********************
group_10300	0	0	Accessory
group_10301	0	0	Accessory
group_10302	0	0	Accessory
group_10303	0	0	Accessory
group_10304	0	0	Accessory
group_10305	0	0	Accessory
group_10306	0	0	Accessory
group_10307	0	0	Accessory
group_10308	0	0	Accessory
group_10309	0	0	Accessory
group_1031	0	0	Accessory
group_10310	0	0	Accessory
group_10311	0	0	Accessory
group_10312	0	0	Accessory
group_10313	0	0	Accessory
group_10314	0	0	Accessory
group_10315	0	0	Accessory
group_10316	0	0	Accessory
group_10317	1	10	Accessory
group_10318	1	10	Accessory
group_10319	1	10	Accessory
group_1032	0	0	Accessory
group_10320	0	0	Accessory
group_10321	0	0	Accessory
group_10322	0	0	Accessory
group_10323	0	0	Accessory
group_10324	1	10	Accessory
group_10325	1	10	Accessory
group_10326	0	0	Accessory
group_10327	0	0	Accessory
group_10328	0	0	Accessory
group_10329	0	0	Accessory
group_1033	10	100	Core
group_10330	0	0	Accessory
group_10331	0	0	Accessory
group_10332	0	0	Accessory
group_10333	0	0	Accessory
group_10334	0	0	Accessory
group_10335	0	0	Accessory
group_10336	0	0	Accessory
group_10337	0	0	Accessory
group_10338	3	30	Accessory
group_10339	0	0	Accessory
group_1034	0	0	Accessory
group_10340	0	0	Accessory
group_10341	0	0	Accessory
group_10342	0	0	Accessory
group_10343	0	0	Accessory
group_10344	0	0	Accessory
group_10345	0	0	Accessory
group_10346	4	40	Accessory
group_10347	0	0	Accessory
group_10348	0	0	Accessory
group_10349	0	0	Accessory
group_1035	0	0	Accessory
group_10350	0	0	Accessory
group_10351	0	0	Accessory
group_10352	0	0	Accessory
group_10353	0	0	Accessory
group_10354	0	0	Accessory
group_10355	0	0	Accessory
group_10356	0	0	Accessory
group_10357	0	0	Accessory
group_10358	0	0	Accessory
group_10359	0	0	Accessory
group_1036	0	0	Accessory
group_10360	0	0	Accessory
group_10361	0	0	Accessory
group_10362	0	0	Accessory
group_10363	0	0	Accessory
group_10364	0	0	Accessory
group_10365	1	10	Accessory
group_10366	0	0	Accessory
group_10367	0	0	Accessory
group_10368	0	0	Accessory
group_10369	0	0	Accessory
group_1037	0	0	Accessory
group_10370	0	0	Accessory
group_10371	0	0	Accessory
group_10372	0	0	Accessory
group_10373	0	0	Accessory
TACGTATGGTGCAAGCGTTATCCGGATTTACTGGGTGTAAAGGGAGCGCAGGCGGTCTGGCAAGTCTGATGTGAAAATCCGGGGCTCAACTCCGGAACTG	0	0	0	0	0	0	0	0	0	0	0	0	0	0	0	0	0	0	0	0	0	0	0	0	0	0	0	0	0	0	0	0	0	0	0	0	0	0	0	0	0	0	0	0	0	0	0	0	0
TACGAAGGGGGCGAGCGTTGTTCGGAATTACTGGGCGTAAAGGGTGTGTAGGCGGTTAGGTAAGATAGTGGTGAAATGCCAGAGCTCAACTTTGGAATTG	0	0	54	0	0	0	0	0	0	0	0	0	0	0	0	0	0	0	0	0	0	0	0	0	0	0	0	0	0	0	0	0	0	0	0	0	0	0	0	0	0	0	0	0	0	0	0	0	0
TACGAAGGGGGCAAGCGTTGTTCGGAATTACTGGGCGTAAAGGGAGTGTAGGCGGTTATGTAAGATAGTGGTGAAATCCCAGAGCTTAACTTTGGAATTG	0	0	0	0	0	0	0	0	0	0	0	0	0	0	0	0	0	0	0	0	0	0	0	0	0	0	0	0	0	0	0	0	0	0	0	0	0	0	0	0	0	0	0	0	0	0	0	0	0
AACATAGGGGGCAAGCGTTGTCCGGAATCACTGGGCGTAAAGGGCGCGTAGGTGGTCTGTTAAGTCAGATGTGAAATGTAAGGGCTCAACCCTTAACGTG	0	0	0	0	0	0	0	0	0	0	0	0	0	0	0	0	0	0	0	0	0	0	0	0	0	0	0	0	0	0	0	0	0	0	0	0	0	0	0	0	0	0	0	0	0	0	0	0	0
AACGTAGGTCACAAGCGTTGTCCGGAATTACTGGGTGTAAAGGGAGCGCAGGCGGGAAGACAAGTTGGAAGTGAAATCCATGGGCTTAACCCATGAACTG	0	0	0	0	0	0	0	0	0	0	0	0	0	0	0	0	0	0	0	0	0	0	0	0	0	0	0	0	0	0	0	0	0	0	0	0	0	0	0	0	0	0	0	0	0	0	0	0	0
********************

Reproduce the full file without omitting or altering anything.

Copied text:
group_10300	0	0	Accessory
group_10301	0	0	Accessory
group_10302	0	0	Accessory
group_10303	0	0	Accessory
group_10304	0	0	Accessory
group_10305	0	0	Accessory
group_10306	0	0	Accessory
group_10307	0	0	Accessory
group_10308	0	0	Accessory
group_10309	0	0	Accessory
group_1031	0	0	Accessory
group_10310	0	0	Accessory
group_10311	0	0	Accessory
group_10312	0	0	Accessory
group_10313	0	0	Accessory
group_10314	0	0	Accessory
group_10315	0	0	Accessory
group_10316	0	0	Accessory
group_10317	1	10	Accessory
group_10318	1	10	Accessory
group_10319	1	10	Accessory
group_1032	0	0	Accessory
group_10320	0	0	Accessory
group_10321	0	0	Accessory
group_10322	0	0	Accessory
group_10323	0	0	Accessory
group_10324	1	10	Accessory
group_10325	1	10	Accessory
group_10326	0	0	Accessory
group_10327	0	0	Accessory
group_10328	0	0	Accessory
group_10329	0	0	Accessory
group_1033	10	100	Core
group_10330	0	0	Accessory
group_10331	0	0	Accessory
group_10332	0	0	Accessory
group_10333	0	0	Accessory
group_10334	0	0	Accessory
group_10335	0	0	Accessory
group_10336	0	0	Accessory
group_10337	0	0	Accessory
group_10338	3	30	Accessory
group_10339	0	0	Accessory
group_1034	0	0	Accessory
group_10340	0	0	Accessory
group_10341	0	0	Accessory
group_10342	0	0	Accessory
group_10343	0	0	Accessory
group_10344	0	0	Accessory
group_10345	0	0	Accessory
group_10346	4	40	Accessory
group_10347	0	0	Accessory
group_10348	0	0	Accessory
group_10349	0	0	Accessory
group_1035	0	0	Accessory
group_10350	0	0	Accessory
group_10351	0	0	Accessory
group_10352	0	0	Accessory
group_10353	0	0	Accessory
group_10354	0	0	Accessory
group_10355	0	0	Accessory
group_10356	0	0	Accessory
group_10357	0	0	Accessory
group_10358	0	0	Accessory
group_10359	0	0	Accessory
group_1036	0	0	Accessory
group_10360	0	0	Accessory
group_10361	0	0	Accessory
group_10362	0	0	Accessory
group_10363	0	0	Accessory
group_10364	0	0	Accessory
group_10365	1	10	Accessory
group_10366	0	0	Accessory
group_10367	0	0	Accessory
group_10368	0	0	Accessory
group_10369	0	0	Accessory
group_1037	0	0	Accessory
group_10370	0	0	Accessory
group_10371	0	0	Accessory
group_10372	0	0	Accessory
group_10373	0	0	Accessory
TACGTATGGTGCAAGCGTTATCCGGATTTACTGGGTGTAAAGGGAGCGCAGGCGGTCTGGCAAGTCTGATGTGAAAATCCGGGGCTCAACTCCGGAACTG	0	0	0	0	0	0	0	0	0	0	0	0	0	0	0	0	0	0	0	0	0	0	0	0	0	0	0	0	0	0	0	0	0	0	0	0	0	0	0	0	0	0	0	0	0	0	0	0	0
TACGAAGGGGGCGAGCGTTGTTCGGAATTACTGGGCGTAAAGGGTGTGTAGGCGGTTAGGTAAGATAGTGGTGAAATGCCAGAGCTCAACTTTGGAATTG	0	0	54	0	0	0	0	0	0	0	0	0	0	0	0	0	0	0	0	0	0	0	0	0	0	0	0	0	0	0	0	0	0	0	0	0	0	0	0	0	0	0	0	0	0	0	0	0	0
TACGAAGGGGGCAAGCGTTGTTCGGAATTACTGGGCGTAAAGGGAGTGTAGGCGGTTATGTAAGATAGTGGTGAAATCCCAGAGCTTAACTTTGGAATTG	0	0	0	0	0	0	0	0	0	0	0	0	0	0	0	0	0	0	0	0	0	0	0	0	0	0	0	0	0	0	0	0	0	0	0	0	0	0	0	0	0	0	0	0	0	0	0	0	0
AACATAGGGGGCAAGCGTTGTCCGGAATCACTGGGCGTAAAGGGCGCGTAGGTGGTCTGTTAAGTCAGATGTGAAATGTAAGGGCTCAACCCTTAACGTG	0	0	0	0	0	0	0	0	0	0	0	0	0	0	0	0	0	0	0	0	0	0	0	0	0	0	0	0	0	0	0	0	0	0	0	0	0	0	0	0	0	0	0	0	0	0	0	0	0
AACGTAGGTCACAAGCGTTGTCCGGAATTACTGGGTGTAAAGGGAGCGCAGGCGGGAAGACAAGTTGGAAGTGAAATCCATGGGCTTAACCCATGAACTG	0	0	0	0	0	0	0	0	0	0	0	0	0	0	0	0	0	0	0	0	0	0	0	0	0	0	0	0	0	0	0	0	0	0	0	0	0	0	0	0	0	0	0	0	0	0	0	0	0